The Mitzvah as Love Offering
The mi in front of the root tzavoh, command, makes it passive, a “good work” or “love offering,” but not commanded. However, metzaveh is active, a real command. God commanded us, “All the commandment [kol ha-mitzvah] which I command [anokhi metzaveh] you this day you shall be careful to do” Deut 8:1. In these words God commanded his people Israel to do all of the Torah’s 613 mitzvot (plural) as love offerings.
Salvation and Sanctification
Catholics recognize that God‘s Messiah, Rabbi Yeshua, has already come. He redeemed us from the original sin and thereby opened paradise for us Lk 23:43. Catholics understand salvific to mean contributing to our salvation, our reaching paradise. If a Catholic understands the mitzvot to be salvific, he lacks full confidence in Rabbi Yeshua‘s New and Eternal Covenant to sanctify us, prepare us for life with him in heaven.
In Judaism salvific invites the Messiah’s coming, reflecting the Jewish belief that he has not yet come. Beit Shammai understood the mitzvot to be salvific. Beit Hillel understood them to be sanctifying, improving us in holiness, preparing us to be saints. The rabbis now follow Beit Hillel, with the understanding that after the Messiah comes they will follow the stricter interpretations of Beit Shammai.
Promise and Fulfillment
The third paragraph of the Shma Num 15:38–41 includes, “So you shall remember and do all my commandments, and be holy to your God” Num 15:40. Jewish tradition understands this to be a promise-and-fulfillment, with God saying in effect, “If you observe my mitzvot you will be holy. Observance is the means of sanctification, rather than the result. Jews pray before performing a ritual commandment, “Blessed are you, Lord our God, King of the universe, who has sanctified us by your mitzvot, and commanded us to …”
Mitzvah as Imitation of God
Abraham Joshua Heschel, in Moral Grandeur and Spiritual Audacity, p. 278, therefore sees in this, “The mitzvot are the Jewish sacraments, sacraments that may be performed in common deeds of kindness.” One explanation comes from God‘s phrase “my mitzvot” Lev 26:3, which some rabbis understand as God‘s mitzvot, the mitzvot that God observes. A Jew who keeps them in this life is thereby imitating God.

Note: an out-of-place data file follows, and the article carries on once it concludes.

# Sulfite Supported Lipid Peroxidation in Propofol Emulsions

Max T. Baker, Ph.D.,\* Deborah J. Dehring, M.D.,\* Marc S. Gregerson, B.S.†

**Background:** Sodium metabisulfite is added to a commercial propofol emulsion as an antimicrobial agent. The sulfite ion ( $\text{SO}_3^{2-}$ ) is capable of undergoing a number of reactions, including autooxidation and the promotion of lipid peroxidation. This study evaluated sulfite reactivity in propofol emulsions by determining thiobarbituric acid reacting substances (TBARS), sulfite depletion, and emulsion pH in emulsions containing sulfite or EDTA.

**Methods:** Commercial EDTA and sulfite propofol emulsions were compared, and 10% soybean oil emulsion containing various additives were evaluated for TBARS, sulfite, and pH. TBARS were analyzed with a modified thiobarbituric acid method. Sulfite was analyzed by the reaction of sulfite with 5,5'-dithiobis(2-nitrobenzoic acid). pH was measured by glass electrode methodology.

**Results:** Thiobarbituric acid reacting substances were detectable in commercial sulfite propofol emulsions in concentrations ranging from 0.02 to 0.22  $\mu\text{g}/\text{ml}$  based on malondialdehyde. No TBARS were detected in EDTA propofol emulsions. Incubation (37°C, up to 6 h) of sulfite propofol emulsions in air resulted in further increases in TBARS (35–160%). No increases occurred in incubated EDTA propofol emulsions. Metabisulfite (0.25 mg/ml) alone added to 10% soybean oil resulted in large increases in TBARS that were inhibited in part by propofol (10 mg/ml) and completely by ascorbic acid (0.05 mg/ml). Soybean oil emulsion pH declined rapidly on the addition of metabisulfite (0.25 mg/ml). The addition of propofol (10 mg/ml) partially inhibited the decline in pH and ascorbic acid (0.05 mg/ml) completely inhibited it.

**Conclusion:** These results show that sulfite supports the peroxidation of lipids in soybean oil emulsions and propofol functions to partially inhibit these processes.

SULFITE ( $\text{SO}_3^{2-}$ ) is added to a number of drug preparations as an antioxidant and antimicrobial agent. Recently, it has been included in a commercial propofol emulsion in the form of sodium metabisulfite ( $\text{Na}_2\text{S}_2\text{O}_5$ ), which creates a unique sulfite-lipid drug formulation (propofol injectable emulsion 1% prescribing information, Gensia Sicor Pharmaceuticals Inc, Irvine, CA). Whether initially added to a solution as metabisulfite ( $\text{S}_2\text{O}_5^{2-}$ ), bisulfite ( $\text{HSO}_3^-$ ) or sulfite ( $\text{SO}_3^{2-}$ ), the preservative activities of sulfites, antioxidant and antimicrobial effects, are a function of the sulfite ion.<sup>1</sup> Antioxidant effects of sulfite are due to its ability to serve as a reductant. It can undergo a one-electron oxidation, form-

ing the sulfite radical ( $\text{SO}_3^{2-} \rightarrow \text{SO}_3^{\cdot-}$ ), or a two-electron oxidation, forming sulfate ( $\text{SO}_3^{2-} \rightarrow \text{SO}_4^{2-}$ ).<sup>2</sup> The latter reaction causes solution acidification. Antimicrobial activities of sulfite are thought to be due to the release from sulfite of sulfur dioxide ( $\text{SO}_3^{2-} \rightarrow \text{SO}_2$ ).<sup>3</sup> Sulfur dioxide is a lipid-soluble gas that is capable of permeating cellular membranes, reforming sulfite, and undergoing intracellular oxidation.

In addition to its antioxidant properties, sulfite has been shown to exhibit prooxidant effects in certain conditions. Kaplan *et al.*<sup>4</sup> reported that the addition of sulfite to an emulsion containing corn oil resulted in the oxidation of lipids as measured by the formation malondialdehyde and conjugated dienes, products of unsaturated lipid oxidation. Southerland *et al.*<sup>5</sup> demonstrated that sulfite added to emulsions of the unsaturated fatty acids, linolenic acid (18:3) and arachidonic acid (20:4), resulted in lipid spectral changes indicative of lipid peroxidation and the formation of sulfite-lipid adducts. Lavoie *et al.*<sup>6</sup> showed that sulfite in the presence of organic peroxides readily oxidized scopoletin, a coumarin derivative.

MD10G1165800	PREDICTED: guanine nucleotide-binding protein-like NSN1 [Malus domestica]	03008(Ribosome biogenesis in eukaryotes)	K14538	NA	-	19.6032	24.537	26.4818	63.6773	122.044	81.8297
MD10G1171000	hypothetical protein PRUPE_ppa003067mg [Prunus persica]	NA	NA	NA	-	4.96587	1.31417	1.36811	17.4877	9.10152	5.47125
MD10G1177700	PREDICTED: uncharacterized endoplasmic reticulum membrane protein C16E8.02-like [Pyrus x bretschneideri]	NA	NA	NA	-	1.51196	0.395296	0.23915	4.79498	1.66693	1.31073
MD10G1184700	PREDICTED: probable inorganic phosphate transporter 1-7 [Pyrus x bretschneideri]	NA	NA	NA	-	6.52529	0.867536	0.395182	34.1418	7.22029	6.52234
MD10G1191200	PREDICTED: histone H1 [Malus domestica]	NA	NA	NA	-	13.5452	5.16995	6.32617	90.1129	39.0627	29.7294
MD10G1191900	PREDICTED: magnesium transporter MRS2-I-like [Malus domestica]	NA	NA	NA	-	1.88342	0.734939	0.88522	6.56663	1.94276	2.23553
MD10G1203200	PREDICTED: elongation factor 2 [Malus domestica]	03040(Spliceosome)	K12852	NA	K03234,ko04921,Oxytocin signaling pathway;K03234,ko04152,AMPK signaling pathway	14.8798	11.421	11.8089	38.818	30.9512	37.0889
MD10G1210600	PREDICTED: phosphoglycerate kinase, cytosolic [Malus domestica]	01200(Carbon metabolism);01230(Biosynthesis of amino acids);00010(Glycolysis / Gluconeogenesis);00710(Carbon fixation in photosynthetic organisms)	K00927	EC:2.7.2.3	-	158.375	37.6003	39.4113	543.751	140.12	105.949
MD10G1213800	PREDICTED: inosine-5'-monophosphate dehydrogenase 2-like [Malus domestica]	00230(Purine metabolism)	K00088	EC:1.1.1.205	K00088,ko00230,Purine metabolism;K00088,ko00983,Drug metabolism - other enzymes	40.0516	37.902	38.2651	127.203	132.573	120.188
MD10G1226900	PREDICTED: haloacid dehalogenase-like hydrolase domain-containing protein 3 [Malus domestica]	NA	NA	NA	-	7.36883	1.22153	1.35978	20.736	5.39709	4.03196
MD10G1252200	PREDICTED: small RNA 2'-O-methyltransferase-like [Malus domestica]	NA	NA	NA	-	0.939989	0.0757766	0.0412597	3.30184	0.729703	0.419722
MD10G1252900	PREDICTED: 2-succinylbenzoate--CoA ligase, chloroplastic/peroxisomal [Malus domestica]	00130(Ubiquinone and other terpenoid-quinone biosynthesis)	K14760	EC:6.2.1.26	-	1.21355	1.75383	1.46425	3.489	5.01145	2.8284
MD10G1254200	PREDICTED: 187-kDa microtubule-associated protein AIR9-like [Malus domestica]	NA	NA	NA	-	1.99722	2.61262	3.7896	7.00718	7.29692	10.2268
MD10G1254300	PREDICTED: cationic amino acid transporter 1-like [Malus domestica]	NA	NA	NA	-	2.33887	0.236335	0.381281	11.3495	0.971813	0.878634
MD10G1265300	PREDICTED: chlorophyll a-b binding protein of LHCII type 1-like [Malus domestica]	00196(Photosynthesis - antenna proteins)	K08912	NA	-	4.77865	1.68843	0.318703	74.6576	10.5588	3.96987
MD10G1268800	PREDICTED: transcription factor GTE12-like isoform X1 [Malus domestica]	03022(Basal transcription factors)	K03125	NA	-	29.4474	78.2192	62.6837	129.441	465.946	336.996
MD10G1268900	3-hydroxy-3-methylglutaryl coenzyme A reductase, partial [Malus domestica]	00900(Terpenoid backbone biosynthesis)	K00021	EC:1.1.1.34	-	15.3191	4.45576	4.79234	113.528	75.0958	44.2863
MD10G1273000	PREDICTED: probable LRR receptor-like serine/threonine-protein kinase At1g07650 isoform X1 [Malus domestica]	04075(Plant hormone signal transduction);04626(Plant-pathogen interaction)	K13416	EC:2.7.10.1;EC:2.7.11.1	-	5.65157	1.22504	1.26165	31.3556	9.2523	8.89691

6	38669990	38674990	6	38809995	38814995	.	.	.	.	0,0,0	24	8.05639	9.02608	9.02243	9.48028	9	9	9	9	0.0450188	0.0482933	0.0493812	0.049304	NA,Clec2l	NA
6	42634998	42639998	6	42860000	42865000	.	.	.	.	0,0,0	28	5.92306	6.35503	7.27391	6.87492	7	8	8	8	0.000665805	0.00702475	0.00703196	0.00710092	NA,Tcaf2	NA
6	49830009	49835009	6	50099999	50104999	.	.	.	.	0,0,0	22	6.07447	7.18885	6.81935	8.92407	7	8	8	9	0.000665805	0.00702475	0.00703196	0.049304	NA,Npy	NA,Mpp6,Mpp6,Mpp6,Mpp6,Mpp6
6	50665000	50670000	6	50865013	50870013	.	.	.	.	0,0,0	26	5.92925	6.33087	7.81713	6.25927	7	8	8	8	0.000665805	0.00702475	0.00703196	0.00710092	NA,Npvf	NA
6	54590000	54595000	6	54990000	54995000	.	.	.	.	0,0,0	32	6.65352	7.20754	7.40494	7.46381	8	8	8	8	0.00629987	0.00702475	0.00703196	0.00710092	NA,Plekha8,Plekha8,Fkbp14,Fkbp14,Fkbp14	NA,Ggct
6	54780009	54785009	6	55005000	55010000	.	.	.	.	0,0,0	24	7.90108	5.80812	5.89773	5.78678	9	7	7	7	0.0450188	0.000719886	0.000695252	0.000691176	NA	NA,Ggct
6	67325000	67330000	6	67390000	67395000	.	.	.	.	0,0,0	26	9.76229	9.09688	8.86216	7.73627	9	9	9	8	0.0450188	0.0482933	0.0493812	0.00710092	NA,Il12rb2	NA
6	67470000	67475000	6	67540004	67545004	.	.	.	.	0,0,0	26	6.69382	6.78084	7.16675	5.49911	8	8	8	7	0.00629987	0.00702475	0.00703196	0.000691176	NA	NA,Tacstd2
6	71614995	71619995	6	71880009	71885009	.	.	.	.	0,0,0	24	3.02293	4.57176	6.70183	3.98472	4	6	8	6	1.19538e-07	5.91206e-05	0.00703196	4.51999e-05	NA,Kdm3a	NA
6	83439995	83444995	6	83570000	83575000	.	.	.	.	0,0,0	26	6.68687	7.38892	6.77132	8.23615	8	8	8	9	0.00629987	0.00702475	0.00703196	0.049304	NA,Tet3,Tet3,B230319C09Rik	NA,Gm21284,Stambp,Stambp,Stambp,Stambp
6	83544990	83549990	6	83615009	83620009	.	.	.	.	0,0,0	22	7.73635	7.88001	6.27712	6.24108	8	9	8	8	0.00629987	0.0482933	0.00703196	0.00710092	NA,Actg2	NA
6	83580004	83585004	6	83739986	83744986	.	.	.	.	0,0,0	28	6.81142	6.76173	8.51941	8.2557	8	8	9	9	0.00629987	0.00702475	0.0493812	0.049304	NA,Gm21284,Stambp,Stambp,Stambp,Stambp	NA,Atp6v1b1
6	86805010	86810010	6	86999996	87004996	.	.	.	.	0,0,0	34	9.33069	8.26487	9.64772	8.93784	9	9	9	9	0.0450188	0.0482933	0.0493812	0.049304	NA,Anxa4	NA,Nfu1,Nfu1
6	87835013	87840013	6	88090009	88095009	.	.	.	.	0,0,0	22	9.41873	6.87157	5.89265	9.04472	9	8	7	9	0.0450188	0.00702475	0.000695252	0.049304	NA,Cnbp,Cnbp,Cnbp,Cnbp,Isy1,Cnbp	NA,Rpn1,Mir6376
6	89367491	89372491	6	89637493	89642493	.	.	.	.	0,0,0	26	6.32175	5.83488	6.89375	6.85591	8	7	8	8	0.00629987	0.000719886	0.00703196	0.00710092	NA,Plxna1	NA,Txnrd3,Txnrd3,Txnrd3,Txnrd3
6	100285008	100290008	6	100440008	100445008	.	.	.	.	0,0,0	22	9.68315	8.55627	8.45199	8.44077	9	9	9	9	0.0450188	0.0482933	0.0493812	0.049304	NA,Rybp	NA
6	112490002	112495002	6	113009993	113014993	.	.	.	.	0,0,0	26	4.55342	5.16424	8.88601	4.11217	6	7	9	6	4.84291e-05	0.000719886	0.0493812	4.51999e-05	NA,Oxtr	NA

Mitzvah as Communion With God
A mitzvah is an act which God and man have in common. We say: “Blessed art Thou, Lord our God, King of the universe, who has sanctified us with His mitzvot.” They oblige Him as well as us. Their fulfillment is not valued as an act performed in spite of “the evil drive” [yetzer ra] but as an act of communion with Him. The spirit of mitzvah is togetherness. We know, He is a partner to our act.
The New and Eternal Covenant
Rabbi Yeshua‘s New and Eternal Covenant is very similar. Where the mitzvah is observed by man together with him, Rabbi Yeshua‘s covenant is an exchange of persons. He gives himself to us, and we give ourselves to him.
Integral Understanding of the Law
The Catholic Church understands God’s law the same way. A single unrepented mortal sin can send us to hell for all eternity § 1857. Our first parents committed only one mortal sin Gen 3:6, and were driven out of paradise Gen 3:24. The Catechism of the Catholic Church, in its Glossary, states under Punishment, Eternal, “The penalty for unrepented mortal sin, separating the sinner from communion with God for all eternity; the condemnation of the unrepentant sinner to hell” p. 896.
Behold, the days are coming, says the Lord, when I will make a new covenant with the house of Israel and the house of Judah, not like the covenant which I made with their fathers when I took them by the hand to bring them out of the land of Egypt, my covenant which they broke, though I was their husband, says the Lord. But this is the covenant which I will make with the house of Israel after those days, says the Lord: I will put my law within them, and I will write it upon their hearts; and I will be their God, and they shall be my people Jer 31:31–33.